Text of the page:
It’s quite impressive how quickly the rise and fall of an NBA career can be.
Remember Ian Mahinmi? In 2016, the French center signed a four-year $64 million contract, only to sit on the bench most of the time for the next few years as he was among the league leaders in fouls/36 minutes. During those four long years, he mostly branched out as a fashion model and designer. And he watched a lot of international soccer on TV.
Somehow, someway, then President of Basketball Operations Ernie Grunfeld and his sidekick Tommy Sheppard found a way to detect a brief, ephemeral, short, peak in a certain player’s career and make a big bet that he would be a star, only to see things blow up in their faces afterward.
That ended, finally in 2020. This was following half a season that was Mahinmi’s best (2015-16 in Indiana) but following multiple other seasons that were mediocre and, famously, at a point where Mahnimi was not even seriously considered for the French men’s national team. (BTW, here’s Jake Whitcare’s piece on Mahinmi’s honorary place in that infamous 2016 free agency class.)
But, then, as if the lesson was not learned, the Wizards did it again. Just months after Mahinmi left they signed Davis Bertans to a big day — only this time (Pourquoi pas !) — for a grand total of $80 million over FIVE years!
So far, since signing Bertans, he is quickly becoming another bust from Europe, and another salary-cap bust for the Wizards and their goals.
There is an important difference though between Mahinmi and Bertans which I’ll discuss next.
The cultural reboot of the Wizards
When now-President of Basketball Operations Tommy Sheppard executed the famous John Wall for Russell Westbrook, Sheppard’s main selling point was rebooting Washington’s culture. This was going to be a hard-working honest collection of players with no more locker-room drama of the Wall-Beal-Porter-Gortat era.
I understand that the Bertans signing partially made sense at the time. It was supposed to complement Wall and Beal and fit into then-head coach Scott Brooks’ no-defense schemes.
Bertans showed bad sportsmanship by showing up to start his bloated contract back in 2020 being completely out-of-shape. (Reportedly, his agent shut him down during the bubble in Orlando and to prevent an injury during free agency.)
Bertans shows absolutely no grace in his game. He is clumsy, forces predictable contested difficult shots. Defenders know he will not drive, simply since he does not have the skills.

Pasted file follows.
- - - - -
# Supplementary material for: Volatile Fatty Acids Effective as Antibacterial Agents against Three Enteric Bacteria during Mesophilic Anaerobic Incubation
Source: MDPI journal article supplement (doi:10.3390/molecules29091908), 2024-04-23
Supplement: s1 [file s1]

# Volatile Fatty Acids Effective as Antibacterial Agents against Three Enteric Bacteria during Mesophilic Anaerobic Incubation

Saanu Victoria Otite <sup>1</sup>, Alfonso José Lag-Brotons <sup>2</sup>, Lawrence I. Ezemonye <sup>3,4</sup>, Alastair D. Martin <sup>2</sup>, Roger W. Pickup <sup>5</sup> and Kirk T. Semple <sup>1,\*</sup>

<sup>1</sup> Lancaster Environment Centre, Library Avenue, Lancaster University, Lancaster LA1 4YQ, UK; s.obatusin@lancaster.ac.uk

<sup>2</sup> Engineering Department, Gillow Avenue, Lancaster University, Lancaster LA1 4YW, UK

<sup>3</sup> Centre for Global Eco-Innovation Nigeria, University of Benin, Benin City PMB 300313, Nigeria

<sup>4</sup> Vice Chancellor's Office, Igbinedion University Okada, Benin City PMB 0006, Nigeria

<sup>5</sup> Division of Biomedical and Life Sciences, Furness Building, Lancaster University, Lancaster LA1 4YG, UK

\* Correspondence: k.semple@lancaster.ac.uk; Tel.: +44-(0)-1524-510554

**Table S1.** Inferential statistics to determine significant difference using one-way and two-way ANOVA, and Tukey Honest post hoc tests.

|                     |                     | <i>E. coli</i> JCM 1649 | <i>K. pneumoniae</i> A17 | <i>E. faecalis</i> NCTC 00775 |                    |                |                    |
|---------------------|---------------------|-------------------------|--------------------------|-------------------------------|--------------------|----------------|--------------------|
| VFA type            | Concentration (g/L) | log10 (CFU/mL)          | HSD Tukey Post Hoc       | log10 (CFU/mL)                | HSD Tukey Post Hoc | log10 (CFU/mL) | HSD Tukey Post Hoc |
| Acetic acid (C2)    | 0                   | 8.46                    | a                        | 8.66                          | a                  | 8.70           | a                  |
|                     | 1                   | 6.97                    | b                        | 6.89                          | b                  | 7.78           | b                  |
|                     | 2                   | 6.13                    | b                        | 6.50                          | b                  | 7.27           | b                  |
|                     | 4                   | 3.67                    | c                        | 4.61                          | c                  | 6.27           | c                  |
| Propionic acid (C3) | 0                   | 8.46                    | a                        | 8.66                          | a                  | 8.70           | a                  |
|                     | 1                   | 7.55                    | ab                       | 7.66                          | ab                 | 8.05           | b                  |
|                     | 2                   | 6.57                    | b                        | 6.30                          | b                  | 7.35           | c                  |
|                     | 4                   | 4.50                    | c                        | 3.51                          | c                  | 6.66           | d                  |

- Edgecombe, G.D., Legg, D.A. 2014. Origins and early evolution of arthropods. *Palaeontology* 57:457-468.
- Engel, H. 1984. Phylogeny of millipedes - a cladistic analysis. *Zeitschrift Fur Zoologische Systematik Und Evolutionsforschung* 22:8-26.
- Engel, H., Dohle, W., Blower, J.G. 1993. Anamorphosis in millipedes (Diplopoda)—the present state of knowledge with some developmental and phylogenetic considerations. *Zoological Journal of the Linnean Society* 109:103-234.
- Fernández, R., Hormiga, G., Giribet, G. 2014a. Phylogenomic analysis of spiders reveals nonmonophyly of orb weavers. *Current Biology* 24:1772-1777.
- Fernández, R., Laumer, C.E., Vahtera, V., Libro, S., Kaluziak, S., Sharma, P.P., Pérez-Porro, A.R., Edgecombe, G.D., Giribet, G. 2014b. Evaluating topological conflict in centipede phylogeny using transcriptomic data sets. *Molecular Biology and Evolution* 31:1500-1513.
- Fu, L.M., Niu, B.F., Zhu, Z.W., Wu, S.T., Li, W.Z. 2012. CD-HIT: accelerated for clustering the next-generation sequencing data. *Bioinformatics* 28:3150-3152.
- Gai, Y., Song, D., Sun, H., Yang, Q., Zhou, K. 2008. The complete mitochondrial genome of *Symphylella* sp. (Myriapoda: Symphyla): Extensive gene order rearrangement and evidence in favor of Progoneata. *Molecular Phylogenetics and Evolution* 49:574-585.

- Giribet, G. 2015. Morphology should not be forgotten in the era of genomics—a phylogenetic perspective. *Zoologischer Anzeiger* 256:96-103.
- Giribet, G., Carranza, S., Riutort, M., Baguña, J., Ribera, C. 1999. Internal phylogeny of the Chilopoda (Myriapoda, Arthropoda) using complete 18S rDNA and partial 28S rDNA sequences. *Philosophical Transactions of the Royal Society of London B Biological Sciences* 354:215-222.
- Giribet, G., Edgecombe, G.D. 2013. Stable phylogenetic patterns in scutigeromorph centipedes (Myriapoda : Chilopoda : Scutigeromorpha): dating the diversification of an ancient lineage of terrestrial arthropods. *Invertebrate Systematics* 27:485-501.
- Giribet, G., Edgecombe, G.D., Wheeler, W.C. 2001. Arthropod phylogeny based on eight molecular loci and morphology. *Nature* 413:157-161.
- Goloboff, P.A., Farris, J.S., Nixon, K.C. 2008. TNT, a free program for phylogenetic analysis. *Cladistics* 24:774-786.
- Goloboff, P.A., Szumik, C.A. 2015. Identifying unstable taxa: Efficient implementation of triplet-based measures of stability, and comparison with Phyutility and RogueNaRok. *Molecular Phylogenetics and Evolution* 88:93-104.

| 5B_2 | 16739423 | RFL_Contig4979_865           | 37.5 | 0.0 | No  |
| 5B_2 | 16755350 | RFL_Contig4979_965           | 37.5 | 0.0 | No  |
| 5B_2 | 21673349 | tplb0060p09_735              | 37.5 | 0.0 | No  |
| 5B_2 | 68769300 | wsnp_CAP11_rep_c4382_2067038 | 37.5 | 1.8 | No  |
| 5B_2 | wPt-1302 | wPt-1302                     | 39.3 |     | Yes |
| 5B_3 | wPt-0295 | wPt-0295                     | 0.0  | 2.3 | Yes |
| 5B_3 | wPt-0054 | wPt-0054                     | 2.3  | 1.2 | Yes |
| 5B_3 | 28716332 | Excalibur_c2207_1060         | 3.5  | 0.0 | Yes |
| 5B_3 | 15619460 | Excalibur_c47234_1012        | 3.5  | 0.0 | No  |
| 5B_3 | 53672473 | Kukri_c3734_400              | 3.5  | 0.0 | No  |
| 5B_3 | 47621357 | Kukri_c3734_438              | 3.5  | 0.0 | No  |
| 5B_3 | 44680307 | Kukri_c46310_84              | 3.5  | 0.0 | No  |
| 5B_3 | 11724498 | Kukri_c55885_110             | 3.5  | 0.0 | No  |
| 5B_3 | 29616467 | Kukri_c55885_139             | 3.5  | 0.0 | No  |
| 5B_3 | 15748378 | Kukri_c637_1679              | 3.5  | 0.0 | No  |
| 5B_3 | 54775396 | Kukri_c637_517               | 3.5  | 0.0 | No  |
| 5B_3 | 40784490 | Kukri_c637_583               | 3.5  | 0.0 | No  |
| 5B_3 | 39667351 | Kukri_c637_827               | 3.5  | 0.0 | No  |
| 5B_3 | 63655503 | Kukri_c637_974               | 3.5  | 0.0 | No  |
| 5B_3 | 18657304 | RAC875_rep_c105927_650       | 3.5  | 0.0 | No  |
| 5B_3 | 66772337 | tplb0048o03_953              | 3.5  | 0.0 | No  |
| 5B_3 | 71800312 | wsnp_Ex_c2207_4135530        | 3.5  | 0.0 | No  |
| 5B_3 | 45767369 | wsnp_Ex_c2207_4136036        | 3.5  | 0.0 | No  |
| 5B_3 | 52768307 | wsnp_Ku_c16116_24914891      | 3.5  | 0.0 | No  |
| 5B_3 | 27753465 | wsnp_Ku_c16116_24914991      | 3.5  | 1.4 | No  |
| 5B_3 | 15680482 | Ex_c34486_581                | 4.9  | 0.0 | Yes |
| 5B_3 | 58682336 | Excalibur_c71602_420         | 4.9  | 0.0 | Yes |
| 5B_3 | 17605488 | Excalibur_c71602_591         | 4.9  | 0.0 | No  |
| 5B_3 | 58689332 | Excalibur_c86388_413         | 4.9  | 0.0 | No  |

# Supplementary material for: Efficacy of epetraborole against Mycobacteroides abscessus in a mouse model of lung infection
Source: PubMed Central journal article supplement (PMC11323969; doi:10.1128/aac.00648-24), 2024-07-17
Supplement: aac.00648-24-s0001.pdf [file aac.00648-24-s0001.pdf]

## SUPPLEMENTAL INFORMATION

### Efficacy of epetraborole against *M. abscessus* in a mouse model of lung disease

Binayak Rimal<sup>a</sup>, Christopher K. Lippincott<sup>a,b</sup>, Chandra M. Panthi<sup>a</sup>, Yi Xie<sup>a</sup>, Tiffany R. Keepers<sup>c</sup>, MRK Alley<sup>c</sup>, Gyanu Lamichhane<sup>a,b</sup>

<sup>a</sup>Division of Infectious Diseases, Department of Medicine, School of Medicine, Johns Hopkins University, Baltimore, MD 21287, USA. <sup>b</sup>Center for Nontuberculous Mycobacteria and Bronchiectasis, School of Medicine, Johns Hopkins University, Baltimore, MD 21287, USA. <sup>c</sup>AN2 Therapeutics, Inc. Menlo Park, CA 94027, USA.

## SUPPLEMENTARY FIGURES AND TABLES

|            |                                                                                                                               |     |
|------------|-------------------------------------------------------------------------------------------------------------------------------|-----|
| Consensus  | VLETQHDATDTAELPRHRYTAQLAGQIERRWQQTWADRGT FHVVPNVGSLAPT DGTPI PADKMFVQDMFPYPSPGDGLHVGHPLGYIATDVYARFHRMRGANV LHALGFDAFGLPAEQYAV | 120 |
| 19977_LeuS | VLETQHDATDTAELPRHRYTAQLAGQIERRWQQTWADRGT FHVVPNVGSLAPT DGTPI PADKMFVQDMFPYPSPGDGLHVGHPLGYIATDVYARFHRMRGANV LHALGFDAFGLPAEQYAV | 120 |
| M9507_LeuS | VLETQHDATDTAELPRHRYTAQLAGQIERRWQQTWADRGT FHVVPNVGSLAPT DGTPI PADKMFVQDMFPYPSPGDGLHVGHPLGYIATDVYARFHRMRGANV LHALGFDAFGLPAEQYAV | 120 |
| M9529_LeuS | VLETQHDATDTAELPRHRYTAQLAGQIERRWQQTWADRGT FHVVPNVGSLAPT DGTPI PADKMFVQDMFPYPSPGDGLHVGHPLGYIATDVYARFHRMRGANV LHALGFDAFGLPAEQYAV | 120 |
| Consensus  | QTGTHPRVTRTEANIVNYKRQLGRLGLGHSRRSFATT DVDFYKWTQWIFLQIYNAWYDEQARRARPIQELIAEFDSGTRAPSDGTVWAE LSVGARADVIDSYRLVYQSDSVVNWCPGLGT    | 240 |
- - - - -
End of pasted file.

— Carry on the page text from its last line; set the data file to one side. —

They also sometimes come to help on him since they know he is programmed to just catch and shoot that brick, whether or not a teammate is open or not nearby. This further reduces his accuracy which this season has been an abysmal 29.7 percent, way below his career average of 40.1 percent.
Finally, and this is new, at least to me, Bertans is not a great veteran to have in the locker-room, picking up a meaningless fight with a second-year player following his (Bertans’) poor basketball decision. Just watch this, though it’s hard to believe it actually happened, during garbage time in the loss to the 76ers:
And, this, in essence, is the only difference between Bertans’ and Mahinmi’s contracts (forget the extra year and the fact that the Wizards did have Bertans for a season before his current contract for a moment).
During the most difficult times of the Wall/Beal/Porter locker-room drama, Mahinmi was always that cheerful experienced veteran that everyone liked (I can attest to that as well. BTW, you can hear Candace Buckner and Jake discuss his locker-room presence in Indiana).
Bertans, on the other hand, seems to be the prototypical, frustrated selfish teammate that picks up a fight with a young player on his own team.
This is shocking since I can’t remember even once that soft-tempered Deni Avdija had any arguments with any of his teammates at ANY level (high school, national team, EuroLeague).
A month ago, it seemed like perhaps things might still improve. In fact, Bertans’ outside shooting percentages have (going from nearly 27 to nearly 31 percent). This is perhaps good for the otherwise plummeted trade value of the Latvian Laser.
Yet, everything seems to indicate that it’s time to sell (albeit low) on Bertans’ stock and move on. The Wizards can’t afford to wait much longer, and they really shouldn’t wait for Bertans’ contract to come off the books in 2025. Sure, they’ll have to take some bad contract in exchange (hopefully expiring earlier), and probably give out a pick or two.
Though you never know, perhaps a desperate GM like Rob Pelinka of the Lakers could come by in dire need for some perimeter shooting around LeBron James and perhaps be able to involve a third (or fourth) team. If the damage is only second-round picks it should be seriously considered.
Either way, It’s one thing when Bertans is underwhelming on both sides of the court. So was Mahinmi not long ago. It’s quite another when Bertans is harming team chemistry. Le Roi de Normandie, for all his faults, kept everyone together.
As this piece comes to a close, remember this: it’s hard to fool the San Antonio Spurs (the team that traded Bertans to D.C.) and Gregg Popovich as far as trades go. A player that blossoms there under very particular schemes is far from guaranteed to do the same elsewhere long term.